Thursday, August 11, 2022

Dior in ‘Mrs. Harris Goes to Paris’

The real Dior 1957 Collection

The clothes in the film are based on Dior's actual designs
 From The New York Post:

This summer’s most romantic movie is about a woman who falls in love … with a dress. In “Mrs. Harris Goes to Paris,” out Friday, a plucky, kind-hearted cleaning lady (Harris, played by Lesley Manville) working in 1950s London discovers a Christian Dior gown in a wealthy employer’s closet. The strapless lavender frock, festooned with glittering embroidered flowers and lace trimmings, propels Harris on a quest for her own couture confection, leading her all the way to France and Dior’s hallowed maison. The film’s costume designer Jenny Beavan told The Post that Harris’ rapturous response isn’t actually that far-fetched, historically speaking.

“For [many] women, it was just fantastic at the end of [World War II] to see clothes that had such volume in fabric, after everybody had been scrimping on rations,” said Beavan, a three-time Oscar winner. (Read more.)


From Town and Country:

Of course, a large part of what happens in Mrs. Harris is fictional—but not all of that comes from Gallico’s book. Some was devised by Fabian to help make even the imaginary moments on screen feel more believable. “The key to this story is that it is magic realism, so it has to have an equal dose of magic and reality,” he says. “If you go too far into magic, you won’t believe it; if you go too far into the realism, it wouldn’t have that uplifting fairy tale quality. The choice to have a binmen’s strike [during Mrs. Harris’s time] in Paris seemed like a fun idea with her being a cleaner. That was also partly motivated by my desire not to create too much of a chocolate-box world. If this beautiful city is strewn with rubbish, you’re bringing a degree of reality to the fairytale. Getting the balance right was important.”

Likewise, seeing inside the homes of the Dior staff—where they live real lives somewhat less charmed than an existence inside the atelier—helps create a sense of fantasy and reality on screen. “Getting a window into where some of these characters live was very important,” Fabian says. “There are lovely contrasts all the way through the story—between London and Paris but also between the glamour of Dior and the reality of the people who worked there.” (Read more.)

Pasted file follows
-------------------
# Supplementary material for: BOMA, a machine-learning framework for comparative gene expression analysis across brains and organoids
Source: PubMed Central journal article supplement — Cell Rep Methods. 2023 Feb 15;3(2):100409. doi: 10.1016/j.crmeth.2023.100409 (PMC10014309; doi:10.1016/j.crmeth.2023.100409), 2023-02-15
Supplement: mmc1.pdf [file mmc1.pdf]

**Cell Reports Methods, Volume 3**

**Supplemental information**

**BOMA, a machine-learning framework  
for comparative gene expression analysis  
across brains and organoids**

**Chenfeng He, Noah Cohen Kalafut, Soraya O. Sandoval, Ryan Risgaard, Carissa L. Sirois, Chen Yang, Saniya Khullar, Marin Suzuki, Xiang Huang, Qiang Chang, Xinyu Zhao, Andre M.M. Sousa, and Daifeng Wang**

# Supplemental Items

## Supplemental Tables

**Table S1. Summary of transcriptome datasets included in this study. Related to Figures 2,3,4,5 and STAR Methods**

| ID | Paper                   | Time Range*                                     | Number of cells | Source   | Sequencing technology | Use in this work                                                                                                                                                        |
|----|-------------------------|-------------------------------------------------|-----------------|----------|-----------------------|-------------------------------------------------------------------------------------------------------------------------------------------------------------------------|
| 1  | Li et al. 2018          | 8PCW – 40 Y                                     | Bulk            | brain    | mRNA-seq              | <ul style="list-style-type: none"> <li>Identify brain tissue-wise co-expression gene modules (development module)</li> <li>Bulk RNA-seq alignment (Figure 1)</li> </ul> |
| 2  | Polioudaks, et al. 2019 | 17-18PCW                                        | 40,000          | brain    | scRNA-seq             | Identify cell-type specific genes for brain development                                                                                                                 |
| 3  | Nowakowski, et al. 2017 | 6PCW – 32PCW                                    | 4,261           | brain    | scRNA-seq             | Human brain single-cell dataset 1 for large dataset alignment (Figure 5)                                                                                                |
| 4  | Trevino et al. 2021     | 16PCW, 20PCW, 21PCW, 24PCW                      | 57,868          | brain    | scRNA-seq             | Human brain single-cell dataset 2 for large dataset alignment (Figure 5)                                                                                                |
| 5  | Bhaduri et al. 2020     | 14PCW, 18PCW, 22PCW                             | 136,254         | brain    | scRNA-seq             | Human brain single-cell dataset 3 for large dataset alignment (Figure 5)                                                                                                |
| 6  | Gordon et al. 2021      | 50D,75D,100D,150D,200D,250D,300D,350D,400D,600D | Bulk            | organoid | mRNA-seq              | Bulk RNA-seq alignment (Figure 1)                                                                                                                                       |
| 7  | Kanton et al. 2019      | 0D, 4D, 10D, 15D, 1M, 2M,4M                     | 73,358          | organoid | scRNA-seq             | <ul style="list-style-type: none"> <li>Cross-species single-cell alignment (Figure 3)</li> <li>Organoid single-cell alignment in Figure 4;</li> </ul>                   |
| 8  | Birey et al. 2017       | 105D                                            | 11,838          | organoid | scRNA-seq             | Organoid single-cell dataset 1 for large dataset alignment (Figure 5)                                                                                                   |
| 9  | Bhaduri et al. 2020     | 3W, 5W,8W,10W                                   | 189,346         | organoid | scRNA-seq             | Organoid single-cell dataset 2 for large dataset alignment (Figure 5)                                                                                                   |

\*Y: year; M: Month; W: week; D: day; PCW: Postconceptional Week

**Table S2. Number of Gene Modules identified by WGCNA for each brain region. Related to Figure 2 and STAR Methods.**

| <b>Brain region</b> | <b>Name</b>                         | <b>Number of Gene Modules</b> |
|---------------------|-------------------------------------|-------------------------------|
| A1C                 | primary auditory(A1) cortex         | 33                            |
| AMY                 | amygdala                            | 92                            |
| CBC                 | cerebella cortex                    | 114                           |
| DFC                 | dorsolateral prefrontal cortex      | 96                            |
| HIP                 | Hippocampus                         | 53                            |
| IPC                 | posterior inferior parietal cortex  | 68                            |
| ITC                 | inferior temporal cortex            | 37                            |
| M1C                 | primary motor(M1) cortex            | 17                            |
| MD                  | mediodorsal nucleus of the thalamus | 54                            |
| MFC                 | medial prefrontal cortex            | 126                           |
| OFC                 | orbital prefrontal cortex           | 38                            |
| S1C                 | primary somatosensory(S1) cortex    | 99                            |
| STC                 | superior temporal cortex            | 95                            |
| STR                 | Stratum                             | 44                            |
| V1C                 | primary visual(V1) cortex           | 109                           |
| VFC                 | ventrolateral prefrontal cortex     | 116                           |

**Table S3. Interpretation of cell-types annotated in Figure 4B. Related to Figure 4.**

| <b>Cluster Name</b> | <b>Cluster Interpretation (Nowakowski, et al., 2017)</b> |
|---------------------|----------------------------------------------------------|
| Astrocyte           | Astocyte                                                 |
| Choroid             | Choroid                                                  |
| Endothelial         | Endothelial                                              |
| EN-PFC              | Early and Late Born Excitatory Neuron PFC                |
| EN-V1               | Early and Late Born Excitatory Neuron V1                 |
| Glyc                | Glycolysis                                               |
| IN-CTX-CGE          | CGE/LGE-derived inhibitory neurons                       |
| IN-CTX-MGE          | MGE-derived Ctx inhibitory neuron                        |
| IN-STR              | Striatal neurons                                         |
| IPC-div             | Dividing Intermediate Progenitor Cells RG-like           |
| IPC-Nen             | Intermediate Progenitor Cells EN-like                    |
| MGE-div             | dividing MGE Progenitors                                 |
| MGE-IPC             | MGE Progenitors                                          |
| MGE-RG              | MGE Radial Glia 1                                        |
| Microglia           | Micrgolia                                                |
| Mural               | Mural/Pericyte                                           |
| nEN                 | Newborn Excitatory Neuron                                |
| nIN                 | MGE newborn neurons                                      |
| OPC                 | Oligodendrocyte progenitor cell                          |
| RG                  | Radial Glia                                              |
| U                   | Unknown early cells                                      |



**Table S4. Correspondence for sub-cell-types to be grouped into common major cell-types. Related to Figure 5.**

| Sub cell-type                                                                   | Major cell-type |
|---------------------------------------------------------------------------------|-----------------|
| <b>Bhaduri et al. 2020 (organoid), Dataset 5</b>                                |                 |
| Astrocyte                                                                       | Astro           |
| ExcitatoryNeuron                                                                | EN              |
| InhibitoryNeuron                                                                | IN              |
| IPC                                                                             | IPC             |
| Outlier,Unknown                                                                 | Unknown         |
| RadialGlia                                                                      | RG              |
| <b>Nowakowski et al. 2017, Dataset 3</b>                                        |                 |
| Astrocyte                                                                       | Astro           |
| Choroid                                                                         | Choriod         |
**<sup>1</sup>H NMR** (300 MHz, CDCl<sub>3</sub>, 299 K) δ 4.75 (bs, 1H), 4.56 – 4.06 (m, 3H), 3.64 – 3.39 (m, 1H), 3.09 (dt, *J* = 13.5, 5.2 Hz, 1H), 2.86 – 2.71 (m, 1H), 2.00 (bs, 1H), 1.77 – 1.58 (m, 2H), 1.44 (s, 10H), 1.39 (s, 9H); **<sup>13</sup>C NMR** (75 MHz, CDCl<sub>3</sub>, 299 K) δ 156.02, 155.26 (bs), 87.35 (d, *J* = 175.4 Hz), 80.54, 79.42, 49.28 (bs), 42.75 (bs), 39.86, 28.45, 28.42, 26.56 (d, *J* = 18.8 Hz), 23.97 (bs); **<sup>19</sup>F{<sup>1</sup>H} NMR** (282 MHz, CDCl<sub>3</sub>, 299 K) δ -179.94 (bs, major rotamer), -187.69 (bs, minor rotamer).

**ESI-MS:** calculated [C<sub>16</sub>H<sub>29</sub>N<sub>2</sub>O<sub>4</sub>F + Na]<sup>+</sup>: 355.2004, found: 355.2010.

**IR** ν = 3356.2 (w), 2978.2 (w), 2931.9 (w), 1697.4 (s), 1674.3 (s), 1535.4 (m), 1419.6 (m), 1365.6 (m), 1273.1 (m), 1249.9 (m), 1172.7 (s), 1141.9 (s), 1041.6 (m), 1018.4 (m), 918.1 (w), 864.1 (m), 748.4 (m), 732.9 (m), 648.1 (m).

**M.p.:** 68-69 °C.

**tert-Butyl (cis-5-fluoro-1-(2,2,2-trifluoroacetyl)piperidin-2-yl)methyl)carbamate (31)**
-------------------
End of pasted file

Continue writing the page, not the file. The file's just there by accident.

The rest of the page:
From Variety:

As the title character of “Mrs. Harris Goes to Paris,” Lesley Manville charms nearly everyone she encounters: homeless men on the streets of Paris, the heads of the Dior fashion house (including Christian Dior himself), models, dressmakers and racehorse track operators. Even the more snobbish people she encounters eventually find themselves taken in by Ada, a kindhearted but tough English cleaning lady who — following the devastating news that her missing-in-action husband has been declared dead by the British army — makes it her life’s mission to acquire a Dior dress and live out her dreams of glamour.

For people who know Manville best from her Oscar-nominated work on 2017’s “Phantom Thread,” where she played cynical and tough-minded fashion house manager Cyril, seeing Manville as the outsider in the world of high fashion may initially feel like a bit of an in-joke. But Manville makes it easy to forget all her past roles with the film, bringing a lovely sense of dignity and longing to Ada’s seemingly frivolous pursuit of a dress that gives the frothy film some grounding. For the veteran actor, the film is the start for a busy few months with many projects ahead — not the least of which including Netflix’s blockbuster series “The Crown,” which will have her replace Helena Bonham Carter in the role of Princess Margaret. (Read more.)



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